However, clients get information by virtue of their own centrality in networks of ex- change, which can reduce the need for infor- mation provided by their agencies. Agency centrality and client centrality may be coun- terbalancing forces; if so, client centrality and the hazard of dissolution should be posi- tively related. If, however, central clients as well as central agencies have similarly strong interests in maintaining the stability of the social structure of the market (Fligstein 1996:667), we would expect to observe a negative relationship between client central- ity and dissolution hazard. Given that the ex- change relationship is built on a basic asym- metry:

Hypothesis P7: Client centrality in time t is

positively related to the hazard of disso-

lution in time t + 1.

Client sales is used as an indicator of perceived advertising effectiveness because the purpose of advertising is to improve the client's "top line" (sales). The causal link be- tween advertising and a client's sales, how- ever, is indirect, loose, and ambiguous. It is impossible to "prove" that an advertising campaign did or did not increase sales; so

media types to garner information about competi- tors. 'The people [who] sell us space in the trade papers,' he told me, 'are the greatest contact people in the world. I would pump them as to what was happening with my competitors"' (p. 64).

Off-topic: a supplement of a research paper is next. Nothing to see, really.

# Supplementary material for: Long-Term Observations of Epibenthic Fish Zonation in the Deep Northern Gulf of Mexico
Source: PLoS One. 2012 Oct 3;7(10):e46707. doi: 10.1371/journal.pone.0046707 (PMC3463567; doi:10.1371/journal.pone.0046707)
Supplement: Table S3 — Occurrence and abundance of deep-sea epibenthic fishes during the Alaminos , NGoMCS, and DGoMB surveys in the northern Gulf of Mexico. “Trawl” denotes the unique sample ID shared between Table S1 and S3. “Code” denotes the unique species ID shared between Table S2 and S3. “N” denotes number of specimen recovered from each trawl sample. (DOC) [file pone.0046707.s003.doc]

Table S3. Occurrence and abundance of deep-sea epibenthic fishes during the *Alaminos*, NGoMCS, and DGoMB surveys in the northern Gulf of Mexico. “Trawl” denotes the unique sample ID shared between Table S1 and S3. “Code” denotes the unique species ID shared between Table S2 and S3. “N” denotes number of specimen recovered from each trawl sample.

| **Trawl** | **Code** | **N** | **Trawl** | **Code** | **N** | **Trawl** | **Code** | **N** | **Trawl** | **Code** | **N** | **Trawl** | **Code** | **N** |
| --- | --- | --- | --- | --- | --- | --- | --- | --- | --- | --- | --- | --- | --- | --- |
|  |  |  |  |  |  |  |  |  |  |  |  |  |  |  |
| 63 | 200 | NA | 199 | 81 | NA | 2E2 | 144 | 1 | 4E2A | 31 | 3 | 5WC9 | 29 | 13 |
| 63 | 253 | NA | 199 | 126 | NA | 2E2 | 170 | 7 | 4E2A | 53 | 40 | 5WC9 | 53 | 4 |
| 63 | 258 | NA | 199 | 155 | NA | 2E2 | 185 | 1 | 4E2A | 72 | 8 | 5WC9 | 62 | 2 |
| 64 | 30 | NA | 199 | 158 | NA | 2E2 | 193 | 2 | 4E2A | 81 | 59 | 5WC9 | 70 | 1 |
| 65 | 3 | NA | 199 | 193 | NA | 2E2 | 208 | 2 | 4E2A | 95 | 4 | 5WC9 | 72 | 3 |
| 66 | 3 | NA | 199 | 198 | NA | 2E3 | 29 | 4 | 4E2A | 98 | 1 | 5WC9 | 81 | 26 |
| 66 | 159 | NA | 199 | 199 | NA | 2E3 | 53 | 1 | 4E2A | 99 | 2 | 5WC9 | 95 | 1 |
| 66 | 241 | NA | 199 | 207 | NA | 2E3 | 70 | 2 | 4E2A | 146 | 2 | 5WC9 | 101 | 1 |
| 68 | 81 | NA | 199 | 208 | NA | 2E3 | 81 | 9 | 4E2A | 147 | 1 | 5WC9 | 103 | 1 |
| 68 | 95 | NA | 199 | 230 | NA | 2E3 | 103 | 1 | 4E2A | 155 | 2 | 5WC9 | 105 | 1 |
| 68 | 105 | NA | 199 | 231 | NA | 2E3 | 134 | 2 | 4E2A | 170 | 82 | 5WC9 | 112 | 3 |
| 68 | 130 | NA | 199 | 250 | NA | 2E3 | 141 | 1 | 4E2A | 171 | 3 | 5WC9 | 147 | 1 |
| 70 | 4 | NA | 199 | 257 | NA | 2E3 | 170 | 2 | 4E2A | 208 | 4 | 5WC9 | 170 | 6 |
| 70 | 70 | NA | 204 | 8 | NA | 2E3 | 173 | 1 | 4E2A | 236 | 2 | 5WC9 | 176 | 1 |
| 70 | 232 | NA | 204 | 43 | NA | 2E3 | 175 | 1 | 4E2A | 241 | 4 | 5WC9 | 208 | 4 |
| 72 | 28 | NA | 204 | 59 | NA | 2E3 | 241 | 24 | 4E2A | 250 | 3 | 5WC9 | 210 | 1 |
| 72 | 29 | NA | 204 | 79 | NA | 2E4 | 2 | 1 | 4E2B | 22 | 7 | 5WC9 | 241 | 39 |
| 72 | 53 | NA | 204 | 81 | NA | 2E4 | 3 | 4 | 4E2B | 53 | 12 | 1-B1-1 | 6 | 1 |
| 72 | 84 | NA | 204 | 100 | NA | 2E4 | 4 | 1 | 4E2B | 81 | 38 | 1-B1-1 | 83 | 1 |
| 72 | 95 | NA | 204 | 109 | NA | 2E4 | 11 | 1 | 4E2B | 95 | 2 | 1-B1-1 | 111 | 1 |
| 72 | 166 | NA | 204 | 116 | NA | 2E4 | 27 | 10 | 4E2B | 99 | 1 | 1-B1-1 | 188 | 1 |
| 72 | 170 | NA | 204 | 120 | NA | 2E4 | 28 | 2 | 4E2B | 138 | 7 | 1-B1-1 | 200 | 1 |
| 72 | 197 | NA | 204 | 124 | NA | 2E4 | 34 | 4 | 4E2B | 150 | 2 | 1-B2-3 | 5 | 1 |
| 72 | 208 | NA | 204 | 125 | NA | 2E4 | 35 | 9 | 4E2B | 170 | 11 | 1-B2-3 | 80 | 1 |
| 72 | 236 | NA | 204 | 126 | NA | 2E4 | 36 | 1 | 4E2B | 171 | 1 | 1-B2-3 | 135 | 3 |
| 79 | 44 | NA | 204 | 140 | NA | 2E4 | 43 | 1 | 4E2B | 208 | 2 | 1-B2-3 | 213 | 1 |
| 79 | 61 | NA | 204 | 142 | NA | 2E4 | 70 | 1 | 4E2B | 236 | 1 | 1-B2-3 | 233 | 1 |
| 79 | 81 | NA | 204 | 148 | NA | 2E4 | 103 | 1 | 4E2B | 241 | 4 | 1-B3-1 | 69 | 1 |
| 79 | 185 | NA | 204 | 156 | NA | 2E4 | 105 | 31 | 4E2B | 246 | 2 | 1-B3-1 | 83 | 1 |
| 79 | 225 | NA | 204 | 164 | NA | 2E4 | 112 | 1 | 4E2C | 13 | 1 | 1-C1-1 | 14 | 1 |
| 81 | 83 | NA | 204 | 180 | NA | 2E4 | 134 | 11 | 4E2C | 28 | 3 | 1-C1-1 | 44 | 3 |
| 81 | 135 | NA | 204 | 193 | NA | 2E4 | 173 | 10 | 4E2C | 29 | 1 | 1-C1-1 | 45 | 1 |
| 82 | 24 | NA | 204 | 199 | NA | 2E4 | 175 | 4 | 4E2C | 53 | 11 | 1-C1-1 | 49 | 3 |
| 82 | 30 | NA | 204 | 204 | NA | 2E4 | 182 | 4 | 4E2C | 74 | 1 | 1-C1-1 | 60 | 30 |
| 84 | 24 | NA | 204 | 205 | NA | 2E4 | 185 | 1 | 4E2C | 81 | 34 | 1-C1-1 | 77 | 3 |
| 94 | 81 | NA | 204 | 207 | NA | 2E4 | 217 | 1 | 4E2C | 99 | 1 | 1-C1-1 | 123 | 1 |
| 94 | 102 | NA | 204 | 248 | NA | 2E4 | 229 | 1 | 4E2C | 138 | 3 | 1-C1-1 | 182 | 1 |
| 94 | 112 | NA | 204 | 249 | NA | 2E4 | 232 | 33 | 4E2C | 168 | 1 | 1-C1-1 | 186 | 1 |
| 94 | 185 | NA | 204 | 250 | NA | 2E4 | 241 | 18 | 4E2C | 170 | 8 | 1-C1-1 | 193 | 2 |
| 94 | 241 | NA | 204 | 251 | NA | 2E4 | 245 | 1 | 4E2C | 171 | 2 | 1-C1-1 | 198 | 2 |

many factors influence sales that alternative explanations cannot be ruled out. Nonethe- less, both clients and agencies attribute changes in sales to the efficacy of advertis- ing as they struggle to "make sense" (Weick 1995) of an inherently ambiguous and uncer- tain situation. Clients, for example, often blame agencies for falling sales and use such attributions to justify firing them.

Hypothesis P8:An improvement in sales (i.e., perceived advertising effectiveness) from time t to time t + 1 is negatively related to the hazard of dissolution of a market tie in time t + 1.

Institutional Forces. Institutional theory implicitly assumes that competition is the only force in competitive settings and insti- tutional isomorphism is the only force in in- stitutional settings (Powell 1991: 183-86).16 We agree with Powell (1991: 184) that this view "cedes too much terrain to market pro- cesses." Institutional forces operate in all institutions, noneconomic and economic (Fligstein 1996). We focus on the extent to which the risk of dissolution of client- agency ties is influenced by conformity to norms about the rules of exchange, notably the duration of market relationships." All social relationships are subject to norms about longevity or "socially expected dura- tions" (Merton 1982). An example is the "normative presumption of continuity" in client-professional relationships (Merton 1982:280). Indeed, the original rules of ex-